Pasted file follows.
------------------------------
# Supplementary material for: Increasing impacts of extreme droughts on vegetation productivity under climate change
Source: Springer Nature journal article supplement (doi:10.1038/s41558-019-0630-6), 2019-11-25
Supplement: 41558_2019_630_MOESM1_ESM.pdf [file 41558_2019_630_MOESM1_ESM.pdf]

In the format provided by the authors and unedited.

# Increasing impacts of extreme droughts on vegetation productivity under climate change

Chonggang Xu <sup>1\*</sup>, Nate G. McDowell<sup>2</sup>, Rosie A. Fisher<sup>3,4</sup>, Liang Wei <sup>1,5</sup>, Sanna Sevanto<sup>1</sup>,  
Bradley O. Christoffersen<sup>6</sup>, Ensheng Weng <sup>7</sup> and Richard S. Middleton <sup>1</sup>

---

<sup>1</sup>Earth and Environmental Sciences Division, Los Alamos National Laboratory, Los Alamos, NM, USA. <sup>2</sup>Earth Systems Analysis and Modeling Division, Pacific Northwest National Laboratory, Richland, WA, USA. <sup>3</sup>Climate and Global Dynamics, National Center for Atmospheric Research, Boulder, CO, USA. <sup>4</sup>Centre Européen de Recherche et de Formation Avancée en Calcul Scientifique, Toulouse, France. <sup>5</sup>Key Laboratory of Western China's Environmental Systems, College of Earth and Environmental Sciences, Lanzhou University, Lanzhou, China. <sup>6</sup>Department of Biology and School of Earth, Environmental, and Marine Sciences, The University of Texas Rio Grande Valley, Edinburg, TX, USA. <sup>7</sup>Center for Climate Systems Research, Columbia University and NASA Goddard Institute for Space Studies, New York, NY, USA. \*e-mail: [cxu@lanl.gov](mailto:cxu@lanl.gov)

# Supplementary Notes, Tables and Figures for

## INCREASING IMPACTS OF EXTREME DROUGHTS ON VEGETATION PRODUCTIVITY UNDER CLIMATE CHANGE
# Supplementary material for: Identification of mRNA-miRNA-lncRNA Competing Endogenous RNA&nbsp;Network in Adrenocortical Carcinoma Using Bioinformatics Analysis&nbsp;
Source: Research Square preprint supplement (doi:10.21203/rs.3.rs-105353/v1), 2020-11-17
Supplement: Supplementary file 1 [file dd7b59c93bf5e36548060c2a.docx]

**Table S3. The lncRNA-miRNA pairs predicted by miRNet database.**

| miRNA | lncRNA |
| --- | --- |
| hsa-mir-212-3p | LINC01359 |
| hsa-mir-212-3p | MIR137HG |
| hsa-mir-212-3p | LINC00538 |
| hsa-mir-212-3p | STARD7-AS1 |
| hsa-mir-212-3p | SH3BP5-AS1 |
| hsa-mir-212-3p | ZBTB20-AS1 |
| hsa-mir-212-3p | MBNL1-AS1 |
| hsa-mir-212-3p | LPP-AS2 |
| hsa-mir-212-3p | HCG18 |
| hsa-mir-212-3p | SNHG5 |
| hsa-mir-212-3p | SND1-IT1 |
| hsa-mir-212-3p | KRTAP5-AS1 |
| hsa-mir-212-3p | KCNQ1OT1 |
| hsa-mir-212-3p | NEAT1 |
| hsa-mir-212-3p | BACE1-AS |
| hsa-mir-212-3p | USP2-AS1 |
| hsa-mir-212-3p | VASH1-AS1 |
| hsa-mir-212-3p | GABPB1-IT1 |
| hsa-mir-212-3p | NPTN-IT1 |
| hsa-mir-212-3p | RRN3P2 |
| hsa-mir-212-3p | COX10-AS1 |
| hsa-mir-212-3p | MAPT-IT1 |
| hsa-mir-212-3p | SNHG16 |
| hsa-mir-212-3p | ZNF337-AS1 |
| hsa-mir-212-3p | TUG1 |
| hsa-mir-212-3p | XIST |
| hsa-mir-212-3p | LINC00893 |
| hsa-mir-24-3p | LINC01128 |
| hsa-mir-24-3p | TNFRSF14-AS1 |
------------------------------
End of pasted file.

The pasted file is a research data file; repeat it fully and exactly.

# Supplementary material for: Increasing impacts of extreme droughts on vegetation productivity under climate change
Source: Springer Nature journal article supplement (doi:10.1038/s41558-019-0630-6), 2019-11-25
Supplement: 41558_2019_630_MOESM1_ESM.pdf [file 41558_2019_630_MOESM1_ESM.pdf]

In the format provided by the authors and unedited.

# Increasing impacts of extreme droughts on vegetation productivity under climate change

Chonggang Xu <sup>1\*</sup>, Nate G. McDowell<sup>2</sup>, Rosie A. Fisher<sup>3,4</sup>, Liang Wei <sup>1,5</sup>, Sanna Sevanto<sup>1</sup>,  
Bradley O. Christoffersen<sup>6</sup>, Ensheng Weng <sup>7</sup> and Richard S. Middleton <sup>1</sup>

---

<sup>1</sup>Earth and Environmental Sciences Division, Los Alamos National Laboratory, Los Alamos, NM, USA. <sup>2</sup>Earth Systems Analysis and Modeling Division, Pacific Northwest National Laboratory, Richland, WA, USA. <sup>3</sup>Climate and Global Dynamics, National Center for Atmospheric Research, Boulder, CO, USA. <sup>4</sup>Centre Européen de Recherche et de Formation Avancée en Calcul Scientifique, Toulouse, France. <sup>5</sup>Key Laboratory of Western China's Environmental Systems, College of Earth and Environmental Sciences, Lanzhou University, Lanzhou, China. <sup>6</sup>Department of Biology and School of Earth, Environmental, and Marine Sciences, The University of Texas Rio Grande Valley, Edinburg, TX, USA. <sup>7</sup>Center for Climate Systems Research, Columbia University and NASA Goddard Institute for Space Studies, New York, NY, USA. \*e-mail: [cxu@lanl.gov](mailto:cxu@lanl.gov)

# Supplementary Notes, Tables and Figures for

## INCREASING IMPACTS OF EXTREME DROUGHTS ON VEGETATION PRODUCTIVITY UNDER CLIMATE CHANGE
# Supplementary material for: Identification of mRNA-miRNA-lncRNA Competing Endogenous RNA&nbsp;Network in Adrenocortical Carcinoma Using Bioinformatics Analysis&nbsp;
Source: Research Square preprint supplement (doi:10.21203/rs.3.rs-105353/v1), 2020-11-17
Supplement: Supplementary file 1 [file dd7b59c93bf5e36548060c2a.docx]

**Table S3. The lncRNA-miRNA pairs predicted by miRNet database.**

| miRNA | lncRNA |
| --- | --- |
| hsa-mir-212-3p | LINC01359 |
| hsa-mir-212-3p | MIR137HG |
| hsa-mir-212-3p | LINC00538 |
| hsa-mir-212-3p | STARD7-AS1 |
| hsa-mir-212-3p | SH3BP5-AS1 |
| hsa-mir-212-3p | ZBTB20-AS1 |
| hsa-mir-212-3p | MBNL1-AS1 |
| hsa-mir-212-3p | LPP-AS2 |
| hsa-mir-212-3p | HCG18 |
| hsa-mir-212-3p | SNHG5 |
| hsa-mir-212-3p | SND1-IT1 |
| hsa-mir-212-3p | KRTAP5-AS1 |
| hsa-mir-212-3p | KCNQ1OT1 |
| hsa-mir-212-3p | NEAT1 |
| hsa-mir-212-3p | BACE1-AS |
| hsa-mir-212-3p | USP2-AS1 |
| hsa-mir-212-3p | VASH1-AS1 |
| hsa-mir-212-3p | GABPB1-IT1 |
| hsa-mir-212-3p | NPTN-IT1 |
| hsa-mir-212-3p | RRN3P2 |
| hsa-mir-212-3p | COX10-AS1 |
| hsa-mir-212-3p | MAPT-IT1 |
| hsa-mir-212-3p | SNHG16 |
| hsa-mir-212-3p | ZNF337-AS1 |
| hsa-mir-212-3p | TUG1 |
| hsa-mir-212-3p | XIST |
| hsa-mir-212-3p | LINC00893 |
| hsa-mir-24-3p | LINC01128 |
| hsa-mir-24-3p | TNFRSF14-AS1 |